We found during our registration work that the archived medical information in the special needs education register cannot function as a complete register for ophthalmological data, nor can this be expected. Subsequent to the conclusion of the data collection in this research project, the special needs education service for the visually impaired has also been reorganized, as mentioned initially.

    The Statped system is now required to deal with the municipal authorities and not the specialist health service. This presents a regrettable bureaucratic obstacle to the important cooperation between ophthalmologists and special needs educators, which makes it even more necessary to establish a special ophthalmological register for children and adolescents with visual impairment.

    Conclusion

    Conclusion

    Our study indicates that the prevalence of visual impairment among children and adolescents, the distribution between partially sighted and blind, and the distribution among different medical diagnostic groups is relatively similar to that found in similar studies in the other Nordic countries. At present, visually impaired Norwegian children and adolescents are only registered by the special needs education service, and this register is not designed to be a medical register.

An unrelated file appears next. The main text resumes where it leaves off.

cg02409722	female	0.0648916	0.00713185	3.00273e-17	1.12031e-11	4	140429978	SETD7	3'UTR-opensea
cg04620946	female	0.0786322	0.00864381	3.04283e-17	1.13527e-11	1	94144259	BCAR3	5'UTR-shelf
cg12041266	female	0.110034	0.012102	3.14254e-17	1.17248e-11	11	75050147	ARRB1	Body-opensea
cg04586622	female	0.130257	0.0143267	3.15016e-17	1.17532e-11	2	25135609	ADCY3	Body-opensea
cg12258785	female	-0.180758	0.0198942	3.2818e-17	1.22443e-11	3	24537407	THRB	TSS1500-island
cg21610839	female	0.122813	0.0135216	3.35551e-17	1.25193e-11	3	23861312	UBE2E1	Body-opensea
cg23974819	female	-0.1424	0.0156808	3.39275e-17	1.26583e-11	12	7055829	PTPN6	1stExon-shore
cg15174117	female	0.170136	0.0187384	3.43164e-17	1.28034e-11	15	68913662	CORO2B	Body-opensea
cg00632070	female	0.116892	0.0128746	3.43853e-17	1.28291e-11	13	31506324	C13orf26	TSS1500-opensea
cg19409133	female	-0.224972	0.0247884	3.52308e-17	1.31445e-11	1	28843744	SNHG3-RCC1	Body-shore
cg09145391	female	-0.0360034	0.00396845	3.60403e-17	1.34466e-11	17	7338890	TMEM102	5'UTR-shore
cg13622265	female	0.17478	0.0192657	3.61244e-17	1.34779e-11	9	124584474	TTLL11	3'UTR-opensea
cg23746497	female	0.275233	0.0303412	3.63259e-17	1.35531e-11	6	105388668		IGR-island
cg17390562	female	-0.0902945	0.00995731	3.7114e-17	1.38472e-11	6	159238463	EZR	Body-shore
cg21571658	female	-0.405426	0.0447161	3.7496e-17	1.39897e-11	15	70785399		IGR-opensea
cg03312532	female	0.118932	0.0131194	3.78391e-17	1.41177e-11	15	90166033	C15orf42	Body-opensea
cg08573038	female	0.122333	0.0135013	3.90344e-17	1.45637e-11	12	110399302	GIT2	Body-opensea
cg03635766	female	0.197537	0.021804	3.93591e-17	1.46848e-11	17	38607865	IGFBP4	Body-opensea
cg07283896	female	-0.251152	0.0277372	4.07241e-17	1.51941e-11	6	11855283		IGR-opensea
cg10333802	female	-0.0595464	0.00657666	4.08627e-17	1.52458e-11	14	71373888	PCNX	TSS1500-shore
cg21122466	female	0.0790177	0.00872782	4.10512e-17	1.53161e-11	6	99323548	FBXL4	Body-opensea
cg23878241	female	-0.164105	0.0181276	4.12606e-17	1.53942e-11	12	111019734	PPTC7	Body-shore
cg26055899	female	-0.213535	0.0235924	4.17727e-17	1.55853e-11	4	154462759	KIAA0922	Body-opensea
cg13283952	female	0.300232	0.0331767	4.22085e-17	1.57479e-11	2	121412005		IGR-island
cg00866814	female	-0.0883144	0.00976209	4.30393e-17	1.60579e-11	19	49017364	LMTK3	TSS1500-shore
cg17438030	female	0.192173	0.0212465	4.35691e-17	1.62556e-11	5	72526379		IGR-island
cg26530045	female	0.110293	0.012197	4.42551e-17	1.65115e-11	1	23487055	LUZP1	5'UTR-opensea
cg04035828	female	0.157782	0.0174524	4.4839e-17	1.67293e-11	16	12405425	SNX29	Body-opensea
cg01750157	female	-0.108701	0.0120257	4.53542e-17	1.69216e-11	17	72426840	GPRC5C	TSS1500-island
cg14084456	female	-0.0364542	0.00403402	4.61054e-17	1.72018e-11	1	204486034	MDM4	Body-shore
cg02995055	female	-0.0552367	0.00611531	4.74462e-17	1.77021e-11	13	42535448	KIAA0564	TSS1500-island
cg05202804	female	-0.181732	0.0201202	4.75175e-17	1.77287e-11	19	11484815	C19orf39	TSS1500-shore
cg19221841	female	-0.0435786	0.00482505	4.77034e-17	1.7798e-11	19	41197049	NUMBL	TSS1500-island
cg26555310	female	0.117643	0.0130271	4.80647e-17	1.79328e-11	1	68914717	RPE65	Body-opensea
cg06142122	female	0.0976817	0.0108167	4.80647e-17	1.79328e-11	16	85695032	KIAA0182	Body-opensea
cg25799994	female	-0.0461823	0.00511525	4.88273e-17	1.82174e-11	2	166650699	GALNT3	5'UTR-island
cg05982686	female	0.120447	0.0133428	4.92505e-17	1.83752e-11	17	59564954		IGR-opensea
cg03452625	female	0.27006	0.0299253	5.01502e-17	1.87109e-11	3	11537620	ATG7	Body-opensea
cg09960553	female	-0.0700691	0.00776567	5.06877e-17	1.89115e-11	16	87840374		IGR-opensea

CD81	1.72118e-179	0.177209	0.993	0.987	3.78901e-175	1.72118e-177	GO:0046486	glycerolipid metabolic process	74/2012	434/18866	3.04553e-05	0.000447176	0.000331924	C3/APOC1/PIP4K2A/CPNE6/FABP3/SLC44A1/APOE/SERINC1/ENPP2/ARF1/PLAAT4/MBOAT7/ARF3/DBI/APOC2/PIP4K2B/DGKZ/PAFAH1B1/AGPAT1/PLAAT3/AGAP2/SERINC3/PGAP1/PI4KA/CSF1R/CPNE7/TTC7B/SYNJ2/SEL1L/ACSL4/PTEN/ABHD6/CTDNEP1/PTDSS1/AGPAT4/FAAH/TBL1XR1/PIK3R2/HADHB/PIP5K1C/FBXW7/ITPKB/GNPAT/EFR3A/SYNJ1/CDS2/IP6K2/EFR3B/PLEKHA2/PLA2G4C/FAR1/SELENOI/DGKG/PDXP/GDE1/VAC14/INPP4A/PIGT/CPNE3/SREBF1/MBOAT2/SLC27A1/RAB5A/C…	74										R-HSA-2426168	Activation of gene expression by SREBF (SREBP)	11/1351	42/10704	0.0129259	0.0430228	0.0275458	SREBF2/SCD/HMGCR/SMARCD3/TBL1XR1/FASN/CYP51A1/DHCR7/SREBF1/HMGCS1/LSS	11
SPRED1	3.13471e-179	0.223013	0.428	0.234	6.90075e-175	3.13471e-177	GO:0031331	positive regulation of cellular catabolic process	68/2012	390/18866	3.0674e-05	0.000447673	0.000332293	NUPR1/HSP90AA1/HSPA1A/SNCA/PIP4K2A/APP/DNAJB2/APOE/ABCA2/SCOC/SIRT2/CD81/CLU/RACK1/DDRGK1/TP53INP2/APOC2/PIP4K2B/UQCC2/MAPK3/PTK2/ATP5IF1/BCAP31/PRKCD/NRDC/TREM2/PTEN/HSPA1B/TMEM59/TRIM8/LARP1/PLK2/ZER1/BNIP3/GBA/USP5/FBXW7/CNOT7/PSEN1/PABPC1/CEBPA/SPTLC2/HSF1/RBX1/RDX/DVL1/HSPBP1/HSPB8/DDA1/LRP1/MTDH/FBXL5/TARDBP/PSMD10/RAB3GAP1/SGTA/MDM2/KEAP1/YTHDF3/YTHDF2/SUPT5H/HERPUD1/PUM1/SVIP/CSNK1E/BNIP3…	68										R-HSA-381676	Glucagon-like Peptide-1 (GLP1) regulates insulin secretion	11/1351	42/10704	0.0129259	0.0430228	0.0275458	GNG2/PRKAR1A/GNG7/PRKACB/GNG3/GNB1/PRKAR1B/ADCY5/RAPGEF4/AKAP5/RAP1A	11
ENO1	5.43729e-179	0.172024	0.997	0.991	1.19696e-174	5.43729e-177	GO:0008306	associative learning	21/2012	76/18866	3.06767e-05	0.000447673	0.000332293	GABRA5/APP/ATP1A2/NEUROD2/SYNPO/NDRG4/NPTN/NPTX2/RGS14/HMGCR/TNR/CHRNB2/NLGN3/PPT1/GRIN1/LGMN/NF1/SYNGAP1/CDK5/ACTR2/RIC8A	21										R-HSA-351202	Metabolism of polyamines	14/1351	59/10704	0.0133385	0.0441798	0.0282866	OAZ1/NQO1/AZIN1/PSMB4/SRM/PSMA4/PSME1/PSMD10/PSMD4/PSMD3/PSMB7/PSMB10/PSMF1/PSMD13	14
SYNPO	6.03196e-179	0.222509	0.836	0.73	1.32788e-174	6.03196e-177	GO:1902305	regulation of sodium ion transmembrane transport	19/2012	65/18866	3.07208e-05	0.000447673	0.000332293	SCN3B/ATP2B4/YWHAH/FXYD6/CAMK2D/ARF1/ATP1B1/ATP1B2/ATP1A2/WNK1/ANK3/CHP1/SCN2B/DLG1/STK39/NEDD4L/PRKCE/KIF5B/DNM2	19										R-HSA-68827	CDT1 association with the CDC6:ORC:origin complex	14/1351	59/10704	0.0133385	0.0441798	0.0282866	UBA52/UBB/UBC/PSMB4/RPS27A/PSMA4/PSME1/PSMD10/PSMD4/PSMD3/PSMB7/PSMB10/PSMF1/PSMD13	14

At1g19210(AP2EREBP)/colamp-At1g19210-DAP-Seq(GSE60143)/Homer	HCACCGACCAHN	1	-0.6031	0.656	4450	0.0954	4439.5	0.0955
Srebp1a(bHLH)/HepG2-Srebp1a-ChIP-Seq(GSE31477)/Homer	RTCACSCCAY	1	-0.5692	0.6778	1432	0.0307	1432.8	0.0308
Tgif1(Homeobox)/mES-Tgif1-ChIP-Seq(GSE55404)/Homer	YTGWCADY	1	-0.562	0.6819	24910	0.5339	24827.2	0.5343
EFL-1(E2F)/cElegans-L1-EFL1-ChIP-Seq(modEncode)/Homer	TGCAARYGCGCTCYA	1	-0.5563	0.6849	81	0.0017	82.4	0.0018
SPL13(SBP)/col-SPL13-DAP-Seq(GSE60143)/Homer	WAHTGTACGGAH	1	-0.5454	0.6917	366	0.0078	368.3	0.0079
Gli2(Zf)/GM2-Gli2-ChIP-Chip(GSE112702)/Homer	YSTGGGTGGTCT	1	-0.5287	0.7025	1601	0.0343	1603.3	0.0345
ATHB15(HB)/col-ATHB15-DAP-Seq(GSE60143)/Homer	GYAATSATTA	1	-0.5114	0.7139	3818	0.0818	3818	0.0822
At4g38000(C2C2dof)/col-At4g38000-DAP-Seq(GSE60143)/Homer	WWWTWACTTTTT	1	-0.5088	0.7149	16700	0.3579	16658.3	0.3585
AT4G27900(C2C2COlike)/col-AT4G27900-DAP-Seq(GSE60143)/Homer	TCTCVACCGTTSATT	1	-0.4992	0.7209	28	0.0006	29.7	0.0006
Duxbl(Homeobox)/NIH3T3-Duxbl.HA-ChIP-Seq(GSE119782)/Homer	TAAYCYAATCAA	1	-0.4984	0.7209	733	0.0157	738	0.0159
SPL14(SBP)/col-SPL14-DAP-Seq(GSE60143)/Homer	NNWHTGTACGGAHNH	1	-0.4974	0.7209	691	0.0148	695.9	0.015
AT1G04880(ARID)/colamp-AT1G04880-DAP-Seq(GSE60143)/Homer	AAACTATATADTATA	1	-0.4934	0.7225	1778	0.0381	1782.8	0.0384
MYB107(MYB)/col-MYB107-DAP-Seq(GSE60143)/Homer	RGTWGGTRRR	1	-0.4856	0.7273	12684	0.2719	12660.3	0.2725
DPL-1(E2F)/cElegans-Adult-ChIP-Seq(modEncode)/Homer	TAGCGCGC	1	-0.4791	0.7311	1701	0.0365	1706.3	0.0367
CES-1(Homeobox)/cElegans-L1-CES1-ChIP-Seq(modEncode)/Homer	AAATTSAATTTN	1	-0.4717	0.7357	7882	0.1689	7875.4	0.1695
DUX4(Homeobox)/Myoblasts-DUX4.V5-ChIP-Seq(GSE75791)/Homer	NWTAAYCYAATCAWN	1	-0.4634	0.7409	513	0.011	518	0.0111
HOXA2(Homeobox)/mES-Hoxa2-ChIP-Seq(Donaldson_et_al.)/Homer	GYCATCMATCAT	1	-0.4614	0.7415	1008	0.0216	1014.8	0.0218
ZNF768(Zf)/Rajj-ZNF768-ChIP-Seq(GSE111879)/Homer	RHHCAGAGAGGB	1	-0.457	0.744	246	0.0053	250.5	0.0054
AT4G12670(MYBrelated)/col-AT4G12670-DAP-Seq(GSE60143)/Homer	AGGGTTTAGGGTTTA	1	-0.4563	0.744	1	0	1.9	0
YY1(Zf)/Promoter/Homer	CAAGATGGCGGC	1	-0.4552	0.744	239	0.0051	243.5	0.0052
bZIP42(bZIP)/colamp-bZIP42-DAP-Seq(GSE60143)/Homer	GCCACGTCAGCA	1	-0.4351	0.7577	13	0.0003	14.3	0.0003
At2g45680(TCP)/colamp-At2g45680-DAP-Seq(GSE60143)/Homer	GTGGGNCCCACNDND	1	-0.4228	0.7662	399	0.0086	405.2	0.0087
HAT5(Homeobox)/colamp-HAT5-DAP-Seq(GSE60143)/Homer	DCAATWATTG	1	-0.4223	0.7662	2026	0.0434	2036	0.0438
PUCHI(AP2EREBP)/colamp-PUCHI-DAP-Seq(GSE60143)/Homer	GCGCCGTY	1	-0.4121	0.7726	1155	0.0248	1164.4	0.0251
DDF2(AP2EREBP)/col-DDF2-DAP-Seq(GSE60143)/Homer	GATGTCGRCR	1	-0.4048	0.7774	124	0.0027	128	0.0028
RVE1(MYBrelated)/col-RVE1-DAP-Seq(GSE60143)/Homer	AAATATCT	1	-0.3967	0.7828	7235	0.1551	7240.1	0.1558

Norway is the only Nordic country that does not have an ophthalmological register, and it is recommended that this should be established urgently. Such a register could provide valuable information about the causes of visual impairment in children and adolescents, make it possible to identify changes in the disease panorama for children and adolescents, improve possibilities for optimal cross-disciplinary treatment and follow-up, habilitation and rehabilitation, and increase the opportunities for research in this field.

    The register, which should preferably be an online register, should contain data on the age at the onset of disease, various aspects of visual function (visual acuity, visual field), ophthalmic and systemic diagnosis and data on secondary diagnoses and additional impairments. The register should be prospective, with data collection every fifth year, for example, as some eye diseases in children are progressive. We hope that the establishment of such a register can take place in the near future.

    We would like to thank the special needs education centres in Norway for their cooperation and helpfulness in distributing letters of invitation and for making arrangements in connection with the data collection. The project has received financial support from the Norwegian Association of the Blind and Partially Sighted. Besides the authors, Lars Helge Glomnes (optometrist) and Else Ramsli (nurse) have taken part in the registration of data at the special needs education centres for the visually impaired. We would also like to thank Petter Dørum, special needs teacher for the visually impaired at Statped West, for reviewing the manuscript and for valuable comments.